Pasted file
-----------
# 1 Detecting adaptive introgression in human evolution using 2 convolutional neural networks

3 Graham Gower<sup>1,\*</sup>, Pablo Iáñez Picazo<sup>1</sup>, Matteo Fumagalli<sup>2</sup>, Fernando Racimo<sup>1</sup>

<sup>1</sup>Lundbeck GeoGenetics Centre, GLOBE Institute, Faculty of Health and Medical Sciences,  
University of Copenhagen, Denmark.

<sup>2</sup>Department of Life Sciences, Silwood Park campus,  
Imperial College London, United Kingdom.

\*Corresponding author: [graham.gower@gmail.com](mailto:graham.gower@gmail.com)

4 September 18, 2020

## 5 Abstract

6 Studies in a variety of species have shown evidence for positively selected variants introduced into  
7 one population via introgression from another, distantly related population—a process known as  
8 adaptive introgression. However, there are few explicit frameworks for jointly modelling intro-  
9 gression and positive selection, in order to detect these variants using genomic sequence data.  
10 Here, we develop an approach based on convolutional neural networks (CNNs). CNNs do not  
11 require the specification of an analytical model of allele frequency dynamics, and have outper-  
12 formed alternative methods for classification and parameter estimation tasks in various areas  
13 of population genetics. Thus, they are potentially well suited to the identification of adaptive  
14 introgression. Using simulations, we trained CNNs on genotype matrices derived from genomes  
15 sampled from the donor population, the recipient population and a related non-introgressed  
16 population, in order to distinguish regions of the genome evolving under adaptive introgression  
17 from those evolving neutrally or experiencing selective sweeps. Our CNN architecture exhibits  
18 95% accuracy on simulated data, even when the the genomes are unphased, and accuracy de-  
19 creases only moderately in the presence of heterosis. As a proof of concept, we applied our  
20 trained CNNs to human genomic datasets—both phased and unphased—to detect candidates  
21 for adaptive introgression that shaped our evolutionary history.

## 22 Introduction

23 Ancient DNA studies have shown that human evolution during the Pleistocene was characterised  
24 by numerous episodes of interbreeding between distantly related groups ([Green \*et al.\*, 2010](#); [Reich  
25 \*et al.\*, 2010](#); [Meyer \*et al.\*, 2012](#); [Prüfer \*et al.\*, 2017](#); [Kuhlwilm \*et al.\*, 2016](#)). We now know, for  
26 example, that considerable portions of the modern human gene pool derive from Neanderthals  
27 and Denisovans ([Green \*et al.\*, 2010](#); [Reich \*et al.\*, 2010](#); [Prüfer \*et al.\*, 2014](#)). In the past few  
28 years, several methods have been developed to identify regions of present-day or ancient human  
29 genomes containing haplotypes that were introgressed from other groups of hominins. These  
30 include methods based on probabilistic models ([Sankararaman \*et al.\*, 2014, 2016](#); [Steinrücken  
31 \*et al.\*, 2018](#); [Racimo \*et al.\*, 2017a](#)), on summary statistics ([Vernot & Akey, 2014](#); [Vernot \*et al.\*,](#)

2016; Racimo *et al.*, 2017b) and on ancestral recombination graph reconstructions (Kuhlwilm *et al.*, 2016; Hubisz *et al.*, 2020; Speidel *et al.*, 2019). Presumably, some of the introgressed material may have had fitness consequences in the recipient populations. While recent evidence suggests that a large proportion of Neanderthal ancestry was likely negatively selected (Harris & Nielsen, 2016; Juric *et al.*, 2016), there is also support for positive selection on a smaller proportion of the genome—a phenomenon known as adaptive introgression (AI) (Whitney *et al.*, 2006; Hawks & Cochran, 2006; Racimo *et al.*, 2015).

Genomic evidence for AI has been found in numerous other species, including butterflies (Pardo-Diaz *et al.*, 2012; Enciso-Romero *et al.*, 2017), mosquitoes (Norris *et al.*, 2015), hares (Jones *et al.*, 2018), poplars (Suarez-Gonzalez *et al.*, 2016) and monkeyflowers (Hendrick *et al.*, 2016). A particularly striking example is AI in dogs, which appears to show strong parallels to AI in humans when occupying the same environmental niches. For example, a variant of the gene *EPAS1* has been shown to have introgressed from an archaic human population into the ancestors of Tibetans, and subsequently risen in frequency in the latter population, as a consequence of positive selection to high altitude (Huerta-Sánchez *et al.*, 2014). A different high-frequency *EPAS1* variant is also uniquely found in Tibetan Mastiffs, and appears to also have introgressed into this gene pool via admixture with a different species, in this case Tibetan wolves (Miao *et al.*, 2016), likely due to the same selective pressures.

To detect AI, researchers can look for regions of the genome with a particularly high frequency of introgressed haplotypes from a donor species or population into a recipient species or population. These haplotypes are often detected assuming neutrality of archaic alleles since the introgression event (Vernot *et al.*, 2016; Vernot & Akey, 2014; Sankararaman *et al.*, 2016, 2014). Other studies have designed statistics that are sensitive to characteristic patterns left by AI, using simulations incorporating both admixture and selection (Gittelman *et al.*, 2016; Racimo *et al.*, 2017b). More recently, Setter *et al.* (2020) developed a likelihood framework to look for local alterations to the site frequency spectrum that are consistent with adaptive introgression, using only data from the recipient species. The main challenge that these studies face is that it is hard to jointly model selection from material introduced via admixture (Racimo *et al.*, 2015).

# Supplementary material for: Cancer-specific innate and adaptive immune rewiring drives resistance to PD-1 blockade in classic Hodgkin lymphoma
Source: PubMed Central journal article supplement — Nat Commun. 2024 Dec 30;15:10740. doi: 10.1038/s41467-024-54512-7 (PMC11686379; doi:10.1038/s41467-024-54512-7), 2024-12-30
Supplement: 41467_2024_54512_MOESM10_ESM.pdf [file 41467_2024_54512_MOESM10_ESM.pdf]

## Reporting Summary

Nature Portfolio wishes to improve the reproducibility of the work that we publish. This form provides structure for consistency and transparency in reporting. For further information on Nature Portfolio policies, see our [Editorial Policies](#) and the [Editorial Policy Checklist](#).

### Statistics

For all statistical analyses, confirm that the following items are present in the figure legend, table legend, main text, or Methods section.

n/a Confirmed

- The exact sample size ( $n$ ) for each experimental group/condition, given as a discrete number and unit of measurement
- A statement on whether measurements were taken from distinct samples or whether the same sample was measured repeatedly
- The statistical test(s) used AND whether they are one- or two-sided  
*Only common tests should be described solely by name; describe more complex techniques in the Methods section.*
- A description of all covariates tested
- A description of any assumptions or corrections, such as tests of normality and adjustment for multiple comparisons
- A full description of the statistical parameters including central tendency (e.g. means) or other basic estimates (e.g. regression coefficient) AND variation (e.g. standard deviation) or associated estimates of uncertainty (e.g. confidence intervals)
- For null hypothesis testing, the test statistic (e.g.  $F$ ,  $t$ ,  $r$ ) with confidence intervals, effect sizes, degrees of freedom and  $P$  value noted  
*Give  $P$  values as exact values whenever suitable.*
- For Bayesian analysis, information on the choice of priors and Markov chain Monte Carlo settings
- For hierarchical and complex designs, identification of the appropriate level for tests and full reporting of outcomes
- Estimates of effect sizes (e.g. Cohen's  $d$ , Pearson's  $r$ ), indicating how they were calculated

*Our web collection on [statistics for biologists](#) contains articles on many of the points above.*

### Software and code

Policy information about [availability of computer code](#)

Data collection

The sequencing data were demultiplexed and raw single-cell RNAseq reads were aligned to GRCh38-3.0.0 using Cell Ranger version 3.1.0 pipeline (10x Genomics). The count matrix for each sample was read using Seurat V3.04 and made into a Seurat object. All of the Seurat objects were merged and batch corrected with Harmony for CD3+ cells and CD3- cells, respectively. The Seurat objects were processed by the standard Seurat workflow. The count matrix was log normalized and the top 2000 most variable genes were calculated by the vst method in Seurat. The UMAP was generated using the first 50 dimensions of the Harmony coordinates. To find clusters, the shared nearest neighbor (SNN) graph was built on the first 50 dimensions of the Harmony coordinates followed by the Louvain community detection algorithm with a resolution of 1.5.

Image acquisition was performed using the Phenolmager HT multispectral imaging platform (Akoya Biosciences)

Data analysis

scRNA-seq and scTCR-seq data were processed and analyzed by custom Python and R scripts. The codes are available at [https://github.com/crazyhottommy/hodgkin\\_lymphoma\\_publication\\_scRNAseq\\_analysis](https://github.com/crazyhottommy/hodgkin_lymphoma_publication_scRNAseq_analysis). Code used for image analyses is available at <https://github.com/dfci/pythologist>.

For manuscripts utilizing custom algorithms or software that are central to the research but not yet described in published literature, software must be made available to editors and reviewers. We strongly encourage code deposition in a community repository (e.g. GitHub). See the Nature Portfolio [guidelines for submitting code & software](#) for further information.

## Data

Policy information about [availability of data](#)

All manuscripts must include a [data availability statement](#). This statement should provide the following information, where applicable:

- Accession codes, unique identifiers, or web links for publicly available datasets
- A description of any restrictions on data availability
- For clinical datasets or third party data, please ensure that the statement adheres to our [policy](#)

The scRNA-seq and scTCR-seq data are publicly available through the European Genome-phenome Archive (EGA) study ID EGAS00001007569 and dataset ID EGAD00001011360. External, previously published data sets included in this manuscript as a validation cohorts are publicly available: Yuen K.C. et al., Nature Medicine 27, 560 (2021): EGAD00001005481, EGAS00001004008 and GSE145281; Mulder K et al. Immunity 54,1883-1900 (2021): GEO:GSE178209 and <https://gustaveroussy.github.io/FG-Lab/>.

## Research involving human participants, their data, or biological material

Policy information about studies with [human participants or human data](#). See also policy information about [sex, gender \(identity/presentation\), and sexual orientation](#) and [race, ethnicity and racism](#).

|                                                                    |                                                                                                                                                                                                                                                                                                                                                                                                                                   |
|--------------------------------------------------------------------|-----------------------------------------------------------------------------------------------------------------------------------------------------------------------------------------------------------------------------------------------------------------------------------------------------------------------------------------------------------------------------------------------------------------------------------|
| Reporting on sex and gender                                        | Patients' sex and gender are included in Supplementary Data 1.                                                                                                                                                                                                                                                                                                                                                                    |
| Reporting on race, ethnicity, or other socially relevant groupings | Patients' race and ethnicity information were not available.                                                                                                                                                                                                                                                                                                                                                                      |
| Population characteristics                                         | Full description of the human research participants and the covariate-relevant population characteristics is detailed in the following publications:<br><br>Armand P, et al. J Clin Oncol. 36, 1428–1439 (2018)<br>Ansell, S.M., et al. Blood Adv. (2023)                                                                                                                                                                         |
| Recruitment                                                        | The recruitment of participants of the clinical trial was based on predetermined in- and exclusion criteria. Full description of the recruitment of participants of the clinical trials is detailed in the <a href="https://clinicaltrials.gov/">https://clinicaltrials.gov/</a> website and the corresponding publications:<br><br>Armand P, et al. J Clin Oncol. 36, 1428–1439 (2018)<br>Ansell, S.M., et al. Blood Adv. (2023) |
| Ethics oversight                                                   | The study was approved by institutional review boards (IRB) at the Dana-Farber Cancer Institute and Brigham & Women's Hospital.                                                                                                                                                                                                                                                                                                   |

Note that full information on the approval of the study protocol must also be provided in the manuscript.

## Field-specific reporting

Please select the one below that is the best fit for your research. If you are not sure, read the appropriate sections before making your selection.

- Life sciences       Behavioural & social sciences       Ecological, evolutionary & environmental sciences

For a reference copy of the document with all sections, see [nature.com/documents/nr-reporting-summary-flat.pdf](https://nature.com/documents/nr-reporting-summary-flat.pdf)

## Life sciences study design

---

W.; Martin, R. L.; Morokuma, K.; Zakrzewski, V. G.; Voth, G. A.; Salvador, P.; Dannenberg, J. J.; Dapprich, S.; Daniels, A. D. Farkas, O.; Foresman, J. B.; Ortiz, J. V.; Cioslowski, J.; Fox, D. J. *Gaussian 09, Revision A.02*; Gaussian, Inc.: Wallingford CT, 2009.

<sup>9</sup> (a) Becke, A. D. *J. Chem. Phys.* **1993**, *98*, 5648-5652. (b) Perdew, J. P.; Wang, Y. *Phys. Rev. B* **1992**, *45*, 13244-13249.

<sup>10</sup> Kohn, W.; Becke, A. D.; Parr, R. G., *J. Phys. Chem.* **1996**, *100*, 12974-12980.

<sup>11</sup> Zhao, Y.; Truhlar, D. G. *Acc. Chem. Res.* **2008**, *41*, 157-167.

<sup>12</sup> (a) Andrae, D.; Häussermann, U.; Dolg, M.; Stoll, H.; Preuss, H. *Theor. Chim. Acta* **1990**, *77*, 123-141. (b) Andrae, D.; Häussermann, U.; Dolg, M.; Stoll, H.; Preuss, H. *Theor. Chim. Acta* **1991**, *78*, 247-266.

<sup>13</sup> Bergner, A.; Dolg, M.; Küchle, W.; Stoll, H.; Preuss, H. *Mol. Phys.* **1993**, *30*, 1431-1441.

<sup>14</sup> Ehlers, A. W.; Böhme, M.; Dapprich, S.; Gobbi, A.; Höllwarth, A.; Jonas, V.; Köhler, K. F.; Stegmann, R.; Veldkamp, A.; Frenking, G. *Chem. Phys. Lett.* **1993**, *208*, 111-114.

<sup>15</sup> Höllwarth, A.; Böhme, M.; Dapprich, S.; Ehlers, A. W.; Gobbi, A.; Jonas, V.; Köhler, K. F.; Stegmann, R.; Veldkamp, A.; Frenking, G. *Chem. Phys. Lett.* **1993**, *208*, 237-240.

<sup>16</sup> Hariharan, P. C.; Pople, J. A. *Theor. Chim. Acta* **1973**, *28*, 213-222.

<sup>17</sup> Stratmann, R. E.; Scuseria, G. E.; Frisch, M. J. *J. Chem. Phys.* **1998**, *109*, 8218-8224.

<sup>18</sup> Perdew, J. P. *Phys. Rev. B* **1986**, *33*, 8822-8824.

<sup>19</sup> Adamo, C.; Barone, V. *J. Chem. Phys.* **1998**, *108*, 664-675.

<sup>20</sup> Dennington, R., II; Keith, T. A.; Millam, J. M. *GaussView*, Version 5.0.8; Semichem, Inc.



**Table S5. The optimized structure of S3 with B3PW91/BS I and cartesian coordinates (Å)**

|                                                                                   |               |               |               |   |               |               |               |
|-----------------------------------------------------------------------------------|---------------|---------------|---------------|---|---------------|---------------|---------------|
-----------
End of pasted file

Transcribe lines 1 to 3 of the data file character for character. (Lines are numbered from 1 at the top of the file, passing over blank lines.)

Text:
# 1 Detecting adaptive introgression in human evolution using 2 convolutional neural networks

3 Graham Gower<sup>1,\*</sup>, Pablo Iáñez Picazo<sup>1</sup>, Matteo Fumagalli<sup>2</sup>, Fernando Racimo<sup>1</sup>

<sup>1</sup>Lundbeck GeoGenetics Centre, GLOBE Institute, Faculty of Health and Medical Sciences,  